The process of repatriation: After the signature of the Evian Agreement, on March 18, 1962, the Algerian refugees in Tunisia and Morocco started to prepare themselves for the eventual return back home. This possibility of going back home, however, depended on the decisions taken by the executive Power or the provisional government Formed jointly by the French and the Algerian Government in exile. This government by interim was supposed to govern Algeria until the outcome of self determination which had to be organized within time allowed, between three months and six months. Since it was stated in article 4 of Evian Accords that “the French forces stationed in the frontiers will not withdraw before the proclamation of the results of self-determination”, the refugees could not enter Algeria until the interim government authorizes them to come back to their homes.
But the dilemma of a civil war between the French government and its right wing secret army organization (O.A.S) which seemed to be determined to keep Algeria French, postponed the return of refugees until April 1962 when the joint commission (or the newly created Franco-Algerian provisional government) started to negotiate with the O.A.S. and put an end to the local resistance by the French settlers against the Evian Accords which stipulated that(2):
“Refugees abroad can re-enter Algeria. Committees to be set up in Morocco and Tunisia will facilitate this return .Displaced persons who have been regrouped can come back to their place of abode of normal residence. The executive power will take the preliminary social, economic and other measures destined to insure the return of those people to a normal life” (3)
At any rate, it was in April 1962 that a committee of High Commissariat for Refugees (U.N.H.C.R) decided to participate in the process of repatriation of refugees. Naturally, the Algerians and the French authorities welcomed the move, and the three authorities worked together to set up a central committee for the repatriation of the refugees. In addition to the work carried out by the 3 subcommittees composed of three members, many refugees returned home very quickly in order to find out what had happened to their relatives and properties(1).
What ought to be stressed here is the fact that most of the refugees returned home before the first of July 1962, because the FLN wanted them to participate in the referendum of self – determination which was scheduled for July 3, 1962. In fact, the leaders of the FLN were afraid that the French authorities may influence the course of events by inducing Their loyal allies to vote”No” or against the creation of an independent state in Algeria. Indeed the returnees adopted the strategy of the FLN and encouraged everybody to vote massively “Yes” which meant the creation of a sovereign state in Algeria. Obviously, the results of the referendum which took place on July 3, 1962 confirmed the success of returnees in influencing the process of voting. Out of 6.000.000 voters, 5.971.581 voted “Yes” and only 16.534 voted “no” (2).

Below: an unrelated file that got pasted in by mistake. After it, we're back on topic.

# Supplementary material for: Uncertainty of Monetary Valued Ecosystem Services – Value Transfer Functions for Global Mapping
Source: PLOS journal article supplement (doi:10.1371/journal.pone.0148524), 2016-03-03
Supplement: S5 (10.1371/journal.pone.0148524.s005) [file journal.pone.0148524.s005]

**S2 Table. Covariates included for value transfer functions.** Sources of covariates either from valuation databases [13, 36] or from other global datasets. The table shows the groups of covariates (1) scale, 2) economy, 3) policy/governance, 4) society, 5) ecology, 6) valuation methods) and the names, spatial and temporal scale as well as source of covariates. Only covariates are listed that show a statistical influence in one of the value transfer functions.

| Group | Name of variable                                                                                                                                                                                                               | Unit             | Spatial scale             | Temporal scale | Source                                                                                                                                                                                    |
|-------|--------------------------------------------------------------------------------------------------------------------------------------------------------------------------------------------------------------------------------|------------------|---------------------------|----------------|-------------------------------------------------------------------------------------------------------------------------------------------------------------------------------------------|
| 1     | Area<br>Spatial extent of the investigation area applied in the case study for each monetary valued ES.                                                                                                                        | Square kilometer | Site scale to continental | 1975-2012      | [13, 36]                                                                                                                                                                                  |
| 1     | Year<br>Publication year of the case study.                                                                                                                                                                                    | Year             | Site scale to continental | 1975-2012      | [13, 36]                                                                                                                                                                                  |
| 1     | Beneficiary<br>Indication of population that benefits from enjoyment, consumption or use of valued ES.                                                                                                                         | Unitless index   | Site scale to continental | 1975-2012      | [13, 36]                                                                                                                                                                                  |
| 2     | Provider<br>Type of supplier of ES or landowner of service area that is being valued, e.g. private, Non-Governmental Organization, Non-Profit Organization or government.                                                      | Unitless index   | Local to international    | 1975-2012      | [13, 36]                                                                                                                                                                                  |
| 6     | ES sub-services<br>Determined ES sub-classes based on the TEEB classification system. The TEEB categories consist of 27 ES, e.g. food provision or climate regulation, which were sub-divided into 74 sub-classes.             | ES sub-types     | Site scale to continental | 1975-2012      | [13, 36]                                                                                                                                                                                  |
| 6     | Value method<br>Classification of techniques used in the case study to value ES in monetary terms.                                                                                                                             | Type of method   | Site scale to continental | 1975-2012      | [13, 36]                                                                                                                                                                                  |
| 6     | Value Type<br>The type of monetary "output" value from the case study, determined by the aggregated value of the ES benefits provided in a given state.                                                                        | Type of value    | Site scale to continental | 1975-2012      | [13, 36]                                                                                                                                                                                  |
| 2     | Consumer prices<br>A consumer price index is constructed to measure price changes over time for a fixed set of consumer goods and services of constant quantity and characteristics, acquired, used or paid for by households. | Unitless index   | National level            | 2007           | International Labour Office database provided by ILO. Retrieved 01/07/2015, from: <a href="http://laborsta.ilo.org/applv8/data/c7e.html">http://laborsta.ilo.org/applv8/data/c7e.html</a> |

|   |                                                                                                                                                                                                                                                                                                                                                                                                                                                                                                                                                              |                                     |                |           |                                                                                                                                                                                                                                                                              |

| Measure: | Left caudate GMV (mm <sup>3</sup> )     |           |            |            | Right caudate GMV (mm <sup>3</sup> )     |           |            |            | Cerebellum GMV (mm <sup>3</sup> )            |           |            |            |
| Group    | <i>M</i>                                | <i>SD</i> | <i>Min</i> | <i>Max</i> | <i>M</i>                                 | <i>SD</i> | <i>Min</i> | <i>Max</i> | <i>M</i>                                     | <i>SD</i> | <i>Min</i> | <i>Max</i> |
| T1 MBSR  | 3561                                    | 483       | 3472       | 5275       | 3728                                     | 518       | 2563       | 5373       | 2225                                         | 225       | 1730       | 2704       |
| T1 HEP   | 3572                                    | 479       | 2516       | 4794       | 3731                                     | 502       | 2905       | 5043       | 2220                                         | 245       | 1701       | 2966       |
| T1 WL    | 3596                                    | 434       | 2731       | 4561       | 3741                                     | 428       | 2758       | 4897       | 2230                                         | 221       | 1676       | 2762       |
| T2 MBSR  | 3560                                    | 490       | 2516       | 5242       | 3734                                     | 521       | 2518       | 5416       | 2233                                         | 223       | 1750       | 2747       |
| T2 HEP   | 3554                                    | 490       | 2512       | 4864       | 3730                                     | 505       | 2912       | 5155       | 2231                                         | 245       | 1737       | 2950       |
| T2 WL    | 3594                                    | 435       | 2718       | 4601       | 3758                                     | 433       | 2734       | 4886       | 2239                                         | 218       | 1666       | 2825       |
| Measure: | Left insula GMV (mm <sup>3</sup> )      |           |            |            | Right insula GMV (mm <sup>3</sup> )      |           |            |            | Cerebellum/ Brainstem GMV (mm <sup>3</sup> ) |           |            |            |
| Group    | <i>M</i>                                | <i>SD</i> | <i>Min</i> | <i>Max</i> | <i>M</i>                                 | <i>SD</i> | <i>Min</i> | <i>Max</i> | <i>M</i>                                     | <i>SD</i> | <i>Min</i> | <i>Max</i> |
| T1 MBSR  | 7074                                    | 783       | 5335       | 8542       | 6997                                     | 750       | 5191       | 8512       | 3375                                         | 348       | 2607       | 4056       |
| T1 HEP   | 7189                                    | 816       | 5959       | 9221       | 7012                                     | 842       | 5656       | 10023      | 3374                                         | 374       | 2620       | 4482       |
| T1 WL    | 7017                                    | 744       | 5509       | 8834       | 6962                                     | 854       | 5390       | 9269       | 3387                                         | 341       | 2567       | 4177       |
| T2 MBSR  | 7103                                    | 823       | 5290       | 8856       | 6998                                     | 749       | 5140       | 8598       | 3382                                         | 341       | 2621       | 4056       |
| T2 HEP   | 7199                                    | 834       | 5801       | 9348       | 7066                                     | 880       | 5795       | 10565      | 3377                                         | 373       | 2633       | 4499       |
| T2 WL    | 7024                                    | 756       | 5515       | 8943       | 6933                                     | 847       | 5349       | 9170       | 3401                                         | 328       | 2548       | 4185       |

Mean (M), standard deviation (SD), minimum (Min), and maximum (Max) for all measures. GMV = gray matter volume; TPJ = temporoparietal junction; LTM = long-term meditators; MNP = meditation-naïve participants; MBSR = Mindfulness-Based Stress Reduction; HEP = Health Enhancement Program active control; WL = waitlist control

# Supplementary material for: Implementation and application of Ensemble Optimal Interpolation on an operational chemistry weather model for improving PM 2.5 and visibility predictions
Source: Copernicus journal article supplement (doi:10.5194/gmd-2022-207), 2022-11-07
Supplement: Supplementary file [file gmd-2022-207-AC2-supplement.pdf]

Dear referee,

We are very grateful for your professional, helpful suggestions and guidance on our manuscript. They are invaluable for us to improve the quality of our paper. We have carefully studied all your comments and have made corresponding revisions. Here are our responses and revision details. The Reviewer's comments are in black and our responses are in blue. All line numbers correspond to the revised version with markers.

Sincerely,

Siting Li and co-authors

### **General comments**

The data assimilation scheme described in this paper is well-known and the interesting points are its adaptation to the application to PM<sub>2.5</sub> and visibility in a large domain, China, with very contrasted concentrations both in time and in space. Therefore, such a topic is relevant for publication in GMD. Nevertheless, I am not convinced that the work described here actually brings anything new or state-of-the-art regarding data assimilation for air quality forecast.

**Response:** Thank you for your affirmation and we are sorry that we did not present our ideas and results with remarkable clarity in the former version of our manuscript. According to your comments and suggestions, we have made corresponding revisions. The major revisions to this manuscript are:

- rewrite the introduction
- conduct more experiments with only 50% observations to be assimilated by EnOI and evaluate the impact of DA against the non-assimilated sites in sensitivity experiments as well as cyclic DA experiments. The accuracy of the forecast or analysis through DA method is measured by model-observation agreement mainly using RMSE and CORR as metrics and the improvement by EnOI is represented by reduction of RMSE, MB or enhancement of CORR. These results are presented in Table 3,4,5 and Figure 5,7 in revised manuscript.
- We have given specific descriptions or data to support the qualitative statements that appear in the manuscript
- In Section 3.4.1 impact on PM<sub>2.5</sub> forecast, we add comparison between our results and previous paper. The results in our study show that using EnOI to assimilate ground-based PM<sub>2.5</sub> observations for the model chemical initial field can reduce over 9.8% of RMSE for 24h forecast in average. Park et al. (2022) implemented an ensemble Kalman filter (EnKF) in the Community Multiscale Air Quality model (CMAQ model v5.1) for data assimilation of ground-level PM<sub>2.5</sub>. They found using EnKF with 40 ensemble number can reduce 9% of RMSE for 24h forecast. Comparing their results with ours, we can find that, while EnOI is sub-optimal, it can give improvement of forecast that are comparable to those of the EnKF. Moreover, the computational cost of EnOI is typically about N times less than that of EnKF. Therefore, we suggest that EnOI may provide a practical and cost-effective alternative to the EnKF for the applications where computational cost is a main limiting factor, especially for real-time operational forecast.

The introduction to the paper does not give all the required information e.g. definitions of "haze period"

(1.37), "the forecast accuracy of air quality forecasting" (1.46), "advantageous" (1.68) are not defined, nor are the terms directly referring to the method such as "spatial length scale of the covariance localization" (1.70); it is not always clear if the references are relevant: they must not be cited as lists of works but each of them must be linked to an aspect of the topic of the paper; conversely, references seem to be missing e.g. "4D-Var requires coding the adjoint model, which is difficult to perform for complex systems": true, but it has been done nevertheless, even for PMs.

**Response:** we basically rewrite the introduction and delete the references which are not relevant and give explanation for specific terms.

It should be emphasized here, however, that each refugee decided by himself when to return back home and the Algerian authorities arranged and Co-ordinated between different centers so that they can fix the dates and provide the means of transportations for every refugee. As for the logistical problems of travelling home, it is well known fact that a large percentage of the refugees crossed the borders in trucks belonging to the Algerian army of liberation. This decision was taken by the Algerian authorities because the committees in charge of refugees, found it difficult to generate funds and vehicules for the transportation of refugees. In this way, the problem of shortage in cash and the strong desire of the returnees to go back home quickly since the Evian Accords allow them lo return at any time they whished, were solved rapidly and efficiently.
The successful return of refugees, paves the way to the third wave of migration which has remained unsolved until now. It is the question of the Algerian labour force which is very complicated and deserves more attention from the authorities.
III- A mass departure of migrant workers
from North Africa to south Europe